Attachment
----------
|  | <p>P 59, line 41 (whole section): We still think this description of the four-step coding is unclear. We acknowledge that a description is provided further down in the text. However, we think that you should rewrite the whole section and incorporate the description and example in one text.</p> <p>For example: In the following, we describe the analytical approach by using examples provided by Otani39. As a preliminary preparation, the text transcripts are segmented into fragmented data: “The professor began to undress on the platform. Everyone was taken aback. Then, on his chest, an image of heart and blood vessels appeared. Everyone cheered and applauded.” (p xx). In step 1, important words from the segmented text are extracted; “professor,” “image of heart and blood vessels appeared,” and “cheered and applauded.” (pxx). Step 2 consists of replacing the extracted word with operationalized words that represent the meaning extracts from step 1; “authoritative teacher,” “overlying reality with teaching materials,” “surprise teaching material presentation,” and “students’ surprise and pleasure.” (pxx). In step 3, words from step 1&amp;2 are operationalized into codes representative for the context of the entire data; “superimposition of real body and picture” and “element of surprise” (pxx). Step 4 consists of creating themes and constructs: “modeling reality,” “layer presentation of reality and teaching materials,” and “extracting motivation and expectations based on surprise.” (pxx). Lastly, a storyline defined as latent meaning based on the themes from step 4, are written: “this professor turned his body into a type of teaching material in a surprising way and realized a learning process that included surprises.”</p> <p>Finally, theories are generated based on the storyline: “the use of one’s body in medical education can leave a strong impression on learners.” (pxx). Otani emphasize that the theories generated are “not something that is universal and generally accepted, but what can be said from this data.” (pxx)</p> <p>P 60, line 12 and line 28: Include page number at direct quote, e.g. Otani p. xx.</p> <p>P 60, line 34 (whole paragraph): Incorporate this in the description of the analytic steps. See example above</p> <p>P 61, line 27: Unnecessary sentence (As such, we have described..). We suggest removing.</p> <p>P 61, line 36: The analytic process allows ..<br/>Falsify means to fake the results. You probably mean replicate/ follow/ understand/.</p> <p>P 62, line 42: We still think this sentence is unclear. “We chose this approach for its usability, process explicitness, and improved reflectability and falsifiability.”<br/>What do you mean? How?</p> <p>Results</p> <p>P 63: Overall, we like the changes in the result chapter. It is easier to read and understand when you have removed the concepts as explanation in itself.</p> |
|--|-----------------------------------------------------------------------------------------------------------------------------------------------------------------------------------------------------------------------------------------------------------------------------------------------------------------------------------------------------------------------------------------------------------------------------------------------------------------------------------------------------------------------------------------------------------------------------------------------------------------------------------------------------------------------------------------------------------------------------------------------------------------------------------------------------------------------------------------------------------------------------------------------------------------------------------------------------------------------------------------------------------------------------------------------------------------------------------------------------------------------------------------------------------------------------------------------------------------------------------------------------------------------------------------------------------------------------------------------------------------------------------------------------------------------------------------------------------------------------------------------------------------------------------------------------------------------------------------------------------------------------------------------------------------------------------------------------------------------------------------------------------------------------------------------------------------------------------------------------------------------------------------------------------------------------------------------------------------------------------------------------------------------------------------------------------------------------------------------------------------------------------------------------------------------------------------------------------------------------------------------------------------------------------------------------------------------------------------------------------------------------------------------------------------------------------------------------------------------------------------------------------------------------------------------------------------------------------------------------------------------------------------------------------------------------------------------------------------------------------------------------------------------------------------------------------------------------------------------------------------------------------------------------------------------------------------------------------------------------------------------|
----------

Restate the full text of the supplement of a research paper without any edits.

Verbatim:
|  | <p>P 59, line 41 (whole section): We still think this description of the four-step coding is unclear. We acknowledge that a description is provided further down in the text. However, we think that you should rewrite the whole section and incorporate the description and example in one text.</p> <p>For example: In the following, we describe the analytical approach by using examples provided by Otani39. As a preliminary preparation, the text transcripts are segmented into fragmented data: “The professor began to undress on the platform. Everyone was taken aback. Then, on his chest, an image of heart and blood vessels appeared. Everyone cheered and applauded.” (p xx). In step 1, important words from the segmented text are extracted; “professor,” “image of heart and blood vessels appeared,” and “cheered and applauded.” (pxx). Step 2 consists of replacing the extracted word with operationalized words that represent the meaning extracts from step 1; “authoritative teacher,” “overlying reality with teaching materials,” “surprise teaching material presentation,” and “students’ surprise and pleasure.” (pxx). In step 3, words from step 1&amp;2 are operationalized into codes representative for the context of the entire data; “superimposition of real body and picture” and “element of surprise” (pxx). Step 4 consists of creating themes and constructs: “modeling reality,” “layer presentation of reality and teaching materials,” and “extracting motivation and expectations based on surprise.” (pxx). Lastly, a storyline defined as latent meaning based on the themes from step 4, are written: “this professor turned his body into a type of teaching material in a surprising way and realized a learning process that included surprises.”</p> <p>Finally, theories are generated based on the storyline: “the use of one’s body in medical education can leave a strong impression on learners.” (pxx). Otani emphasize that the theories generated are “not something that is universal and generally accepted, but what can be said from this data.” (pxx)</p> <p>P 60, line 12 and line 28: Include page number at direct quote, e.g. Otani p. xx.</p> <p>P 60, line 34 (whole paragraph): Incorporate this in the description of the analytic steps. See example above</p> <p>P 61, line 27: Unnecessary sentence (As such, we have described..). We suggest removing.</p> <p>P 61, line 36: The analytic process allows ..<br/>Falsify means to fake the results. You probably mean replicate/ follow/ understand/.</p> <p>P 62, line 42: We still think this sentence is unclear. “We chose this approach for its usability, process explicitness, and improved reflectability and falsifiability.”<br/>What do you mean? How?</p> <p>Results</p> <p>P 63: Overall, we like the changes in the result chapter. It is easier to read and understand when you have removed the concepts as explanation in itself.</p> |
|--|-----------------------------------------------------------------------------------------------------------------------------------------------------------------------------------------------------------------------------------------------------------------------------------------------------------------------------------------------------------------------------------------------------------------------------------------------------------------------------------------------------------------------------------------------------------------------------------------------------------------------------------------------------------------------------------------------------------------------------------------------------------------------------------------------------------------------------------------------------------------------------------------------------------------------------------------------------------------------------------------------------------------------------------------------------------------------------------------------------------------------------------------------------------------------------------------------------------------------------------------------------------------------------------------------------------------------------------------------------------------------------------------------------------------------------------------------------------------------------------------------------------------------------------------------------------------------------------------------------------------------------------------------------------------------------------------------------------------------------------------------------------------------------------------------------------------------------------------------------------------------------------------------------------------------------------------------------------------------------------------------------------------------------------------------------------------------------------------------------------------------------------------------------------------------------------------------------------------------------------------------------------------------------------------------------------------------------------------------------------------------------------------------------------------------------------------------------------------------------------------------------------------------------------------------------------------------------------------------------------------------------------------------------------------------------------------------------------------------------------------------------------------------------------------------------------------------------------------------------------------------------------------------------------------------------------------------------------------------------------------------|